Emperor Kangxi embarked on Buddhist pilgrimage to Mount Wutai at least five times to show his extraordinary devotion to and close relationship with Manjushri, the state’s spiritual protector. During the Qing Dynasty, the monasteries and temples on Mount Wutai were given the freedom to look after their own affairs while the Tibetan and Mongolian clergy enjoyed privileged positions within the imperial court. The emperor also sent 40 Mongolian lamas to Mount Wutai in 1655, and converted 10 Chinese Buddhist monasteries into Tibetan and Mongolian Buddhist institutions between 1683 and 1705, with his full financial support. The Qing emperor also granted the prestigious position of ‘Head of all Religious and Temporal Affairs’ for both Tibetan and Chinese Buddhist institutions on Mount Wutai, to a Mongolian practitioner of Tibetan Buddhism, the Jasagh Lama from Pusa Ding Monastery.
Contrary to the Ming Dynasty that did not support the locally printed guides to various sites on the mountain, the Qing Dynasty authorities heavily supported their publication in the Chinese language. One may suggest that this deliberate action was taken with the aim of spreading the message that Emperor Kangxi was an emanation of Manjushri.
The emperor also appointed the highest and most influential lama of Inner Asia and China in the 18th century, Changkya Hutuktu Rolpai Dorje (1717 – 1786 CE) who served as the emperor’s personal chaplain, and played an important role in spreading the Tibetan Buddhist influence on the mountain. At the time, Changkya Rolpai Dorje was as powerful as the Dalai Lama as he was in charge of all Gelug affairs in Eastern Tibet. Changkya Rolpai Dorje also advised the emperor on political matters, in fact he is regarded as the adviser during the formation of the Sino-Tibetan system of the Qing Dynasty.
From a young age, Changkya Rolpai Dorje was educated in Buddhist scripture; and the Chinese, Mongolian, Manchu, and Tibetan languages, alongside the imperial princes which included Emperor Kangxi’s grandson, the future Emperor Qianlong. The tight bond between Changkya Rolpai Dorje and the future emperor was cultivated from a young age, and this relationship allowed him to play an important role in the court. Amongst his many roles, Changkya Rolpai Dorje was an adviser and was thus able to guide the emperor during the creation of a policy towards Tibet and Mongolia that highlighted the heritage of Kublai Khan, with a special emphasis on the connection with Manjushri.
Changkya Rolpai Dorje focused his attention on the Tibetan and Mongolian Buddhist identity of Mount Wutai, and personally supervised the administration of six temples. He also wrote a Tibetan Buddhist pilgrimage guide named ‘Pilgrimage Guide to the Pure Realm of Clear and Cool Mountain’ that was translated into Mongolian, and actively promoted pilgrimages to Mount Wutai amongst Mongolians and Tibetans. He spent 36 consecutive summers at the Taming the Ocean Monastery, engaging in meditative retreats, from 1750 until his death in 1786.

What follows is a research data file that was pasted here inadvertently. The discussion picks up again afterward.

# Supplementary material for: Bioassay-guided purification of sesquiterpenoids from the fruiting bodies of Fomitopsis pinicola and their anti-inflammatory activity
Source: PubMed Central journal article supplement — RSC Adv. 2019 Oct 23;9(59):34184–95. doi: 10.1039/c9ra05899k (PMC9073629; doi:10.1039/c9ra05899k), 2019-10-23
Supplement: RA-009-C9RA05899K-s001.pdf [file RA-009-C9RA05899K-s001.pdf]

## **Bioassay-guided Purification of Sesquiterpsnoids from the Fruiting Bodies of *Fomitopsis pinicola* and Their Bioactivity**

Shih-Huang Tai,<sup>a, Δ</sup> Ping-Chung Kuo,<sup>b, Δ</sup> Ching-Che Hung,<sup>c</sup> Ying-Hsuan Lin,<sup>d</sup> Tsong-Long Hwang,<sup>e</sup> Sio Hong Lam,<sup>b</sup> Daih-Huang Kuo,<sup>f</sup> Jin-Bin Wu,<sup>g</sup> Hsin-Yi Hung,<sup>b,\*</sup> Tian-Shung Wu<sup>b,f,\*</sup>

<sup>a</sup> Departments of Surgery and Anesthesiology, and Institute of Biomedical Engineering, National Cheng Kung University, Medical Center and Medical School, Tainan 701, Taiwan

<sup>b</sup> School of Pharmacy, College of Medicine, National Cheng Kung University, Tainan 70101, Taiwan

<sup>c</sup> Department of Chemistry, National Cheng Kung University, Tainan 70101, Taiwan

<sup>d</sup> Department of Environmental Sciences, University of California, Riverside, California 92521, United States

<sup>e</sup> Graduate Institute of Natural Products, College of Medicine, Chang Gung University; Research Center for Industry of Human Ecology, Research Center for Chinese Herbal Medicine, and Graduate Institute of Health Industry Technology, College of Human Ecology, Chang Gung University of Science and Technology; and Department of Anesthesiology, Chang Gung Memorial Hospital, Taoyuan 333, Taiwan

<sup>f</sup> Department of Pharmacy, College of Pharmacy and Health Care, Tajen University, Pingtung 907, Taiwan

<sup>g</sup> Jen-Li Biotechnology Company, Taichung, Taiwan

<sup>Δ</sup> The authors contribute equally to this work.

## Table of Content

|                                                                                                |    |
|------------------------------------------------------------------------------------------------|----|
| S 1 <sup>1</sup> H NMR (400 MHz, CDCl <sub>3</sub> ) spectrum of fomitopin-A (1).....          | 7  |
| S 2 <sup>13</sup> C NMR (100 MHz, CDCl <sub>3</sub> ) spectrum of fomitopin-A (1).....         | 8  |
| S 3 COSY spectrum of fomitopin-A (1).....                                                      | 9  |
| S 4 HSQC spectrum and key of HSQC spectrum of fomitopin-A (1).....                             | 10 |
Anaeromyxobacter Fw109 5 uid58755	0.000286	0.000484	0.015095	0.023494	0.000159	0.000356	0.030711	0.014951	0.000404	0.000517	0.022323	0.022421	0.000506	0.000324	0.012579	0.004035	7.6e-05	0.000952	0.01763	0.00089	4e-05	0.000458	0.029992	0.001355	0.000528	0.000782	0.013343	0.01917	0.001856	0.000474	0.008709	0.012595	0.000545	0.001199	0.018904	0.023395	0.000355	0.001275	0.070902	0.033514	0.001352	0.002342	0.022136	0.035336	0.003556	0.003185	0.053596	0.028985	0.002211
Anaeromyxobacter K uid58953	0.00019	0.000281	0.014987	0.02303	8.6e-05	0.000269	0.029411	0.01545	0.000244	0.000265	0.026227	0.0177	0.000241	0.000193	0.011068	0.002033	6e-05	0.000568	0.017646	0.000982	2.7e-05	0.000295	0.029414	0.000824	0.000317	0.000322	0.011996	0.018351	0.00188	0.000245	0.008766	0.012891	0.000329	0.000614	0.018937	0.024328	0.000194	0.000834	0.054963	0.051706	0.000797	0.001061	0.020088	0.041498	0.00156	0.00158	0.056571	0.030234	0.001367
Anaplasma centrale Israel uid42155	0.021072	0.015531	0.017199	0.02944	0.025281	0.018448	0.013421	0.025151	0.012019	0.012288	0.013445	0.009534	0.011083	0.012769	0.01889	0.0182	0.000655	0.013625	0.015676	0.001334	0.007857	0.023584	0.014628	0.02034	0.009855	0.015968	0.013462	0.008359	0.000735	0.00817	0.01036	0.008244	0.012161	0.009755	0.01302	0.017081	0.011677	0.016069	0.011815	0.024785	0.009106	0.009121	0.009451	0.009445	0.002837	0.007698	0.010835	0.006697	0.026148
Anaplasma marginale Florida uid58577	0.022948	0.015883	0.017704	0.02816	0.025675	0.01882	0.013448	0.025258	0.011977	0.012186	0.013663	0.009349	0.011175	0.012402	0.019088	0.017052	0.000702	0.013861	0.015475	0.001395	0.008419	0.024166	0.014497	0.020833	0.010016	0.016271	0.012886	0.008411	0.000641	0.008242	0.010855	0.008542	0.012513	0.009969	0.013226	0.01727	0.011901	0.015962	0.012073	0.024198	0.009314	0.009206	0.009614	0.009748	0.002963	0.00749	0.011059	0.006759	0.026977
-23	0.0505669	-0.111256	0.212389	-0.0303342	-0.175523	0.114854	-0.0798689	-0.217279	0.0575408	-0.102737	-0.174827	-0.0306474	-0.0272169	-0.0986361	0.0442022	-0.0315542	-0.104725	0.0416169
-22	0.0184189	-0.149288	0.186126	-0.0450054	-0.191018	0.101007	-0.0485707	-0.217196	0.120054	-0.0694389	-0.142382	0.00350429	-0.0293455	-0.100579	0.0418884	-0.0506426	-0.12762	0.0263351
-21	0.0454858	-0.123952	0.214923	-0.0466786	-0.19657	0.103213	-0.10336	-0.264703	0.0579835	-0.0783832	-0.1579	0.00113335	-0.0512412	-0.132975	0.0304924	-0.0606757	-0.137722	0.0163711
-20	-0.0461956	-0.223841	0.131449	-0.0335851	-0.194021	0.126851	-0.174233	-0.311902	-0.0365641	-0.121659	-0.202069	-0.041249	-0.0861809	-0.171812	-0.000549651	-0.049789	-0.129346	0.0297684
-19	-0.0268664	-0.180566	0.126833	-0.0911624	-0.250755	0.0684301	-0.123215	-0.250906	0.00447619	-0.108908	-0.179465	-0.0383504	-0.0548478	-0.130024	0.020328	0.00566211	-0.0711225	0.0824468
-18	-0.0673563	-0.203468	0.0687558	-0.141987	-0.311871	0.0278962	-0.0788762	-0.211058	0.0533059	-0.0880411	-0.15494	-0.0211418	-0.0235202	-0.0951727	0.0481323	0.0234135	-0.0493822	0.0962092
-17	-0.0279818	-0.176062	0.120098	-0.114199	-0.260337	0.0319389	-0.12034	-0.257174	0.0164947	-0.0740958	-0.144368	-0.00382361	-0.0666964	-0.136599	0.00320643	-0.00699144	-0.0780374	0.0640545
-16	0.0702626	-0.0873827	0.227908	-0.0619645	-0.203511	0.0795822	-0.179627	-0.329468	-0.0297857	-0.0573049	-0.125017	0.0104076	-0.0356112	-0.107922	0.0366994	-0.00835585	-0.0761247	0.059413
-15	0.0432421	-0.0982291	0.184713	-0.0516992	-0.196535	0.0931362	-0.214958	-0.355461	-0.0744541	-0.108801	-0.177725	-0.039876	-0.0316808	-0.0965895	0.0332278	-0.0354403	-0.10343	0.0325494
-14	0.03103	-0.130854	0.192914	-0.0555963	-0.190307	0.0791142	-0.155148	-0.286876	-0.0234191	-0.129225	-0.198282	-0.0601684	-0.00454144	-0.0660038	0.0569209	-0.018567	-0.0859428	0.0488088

The similarities between Changkya Rolpai Dorje’s patron-priest relationship with Emperor Qianlong, and Chogyel Pakpa Lodro Gyeltsen’s relationship with Kublai Khan were striking, especially after Changkya Rolpai Dorje initiated Emperor Qianlong into the Buddhist rites of the universal emperor or chakravartin in 1745. Chogyel Pakpa Lodro Gyeltsen had done the same for Kublai Khan. Changkya Rolpai Dorje also translated Chogyel Pakpa Lodro Gyeltsen’s biography into Mongolian in 1753. Changkya Rolpai Dorje and Emperor Qianlong were believed to be Chogyel Pakpa Lodro Gyeltsen’s and Kublai Khan’s reincarnations, therefore they acted and behaved with each other in exactly the same manner as they had done so in their previous lives. Changkya Rolpai Dorje passed away on Mount Wutai in 1786, and was buried at Taming the Ocean Monastery.
In the early 1840s, the Qing empire was hit by an economic crisis, mainly because they maintained a low tax rate while the population grew at an unprecedented speed. The economic crisis left the Mount Wutai administration with insufficient funds. This forced the monks to travel outside China, to Mongolia and as far as Buryatia, in order to raise funds. This approach proved to be successful. The monks returned with Mongol-donated livestock, gold and silver. The Mongols’ help during this difficult time created a strong bond between the monks on Mount Wutai and the Mongolian people. When Mount Wutai monks received news of the arrival of princely Mongolian caravans they would personally meet them at the border and took care of the bureaucrats on their journey to Mount Wutai.
Changkya Hutuktu Rolpai Dorje (1717-1786)
Changkya Hutuktu Rolpai Dorje was born on the 10th day of the fourth month in 1717 near Lanzhou in Gansu. When he was a little boy, the first Jamyang Zhepa recognised him as the incarnation of the previous Changkya Hutuktu of Gonlung Monastery in Amdo, which was one of the four great Gelug monasteries in Northern Tibet. Changkya Rolpai Dorje met Emperor Yongzheng (1722 – 1735 CE) during the battle between Qing forces and rebels in Amdo. The emperor ordered the seven year old Changkya Rolpai Dorje to be brought to his court. He was groomed to become a bridge between the Qing rulers and the Buddhists of Amdo, Tibet and Mongolia. Changkya Rolpai Dorje was responsible for translating Gelugpa texts into Chinese and Mongolian to spread the teachings. During his time as a student at the court, he became a good friend of Prince Hungli, who would later become Emperor Qianlong (1735 – 1796 CE). In 1744, Emperor Qianlong transformed the Yonghegong Palace in Beijing to serve both as a Gelugpa monastery and as an Imperial Palace. The transformed palace became the residence of Changkya Hutuktu Rolpai Dorje and other prominent religious figures from Amdo and Mongolia.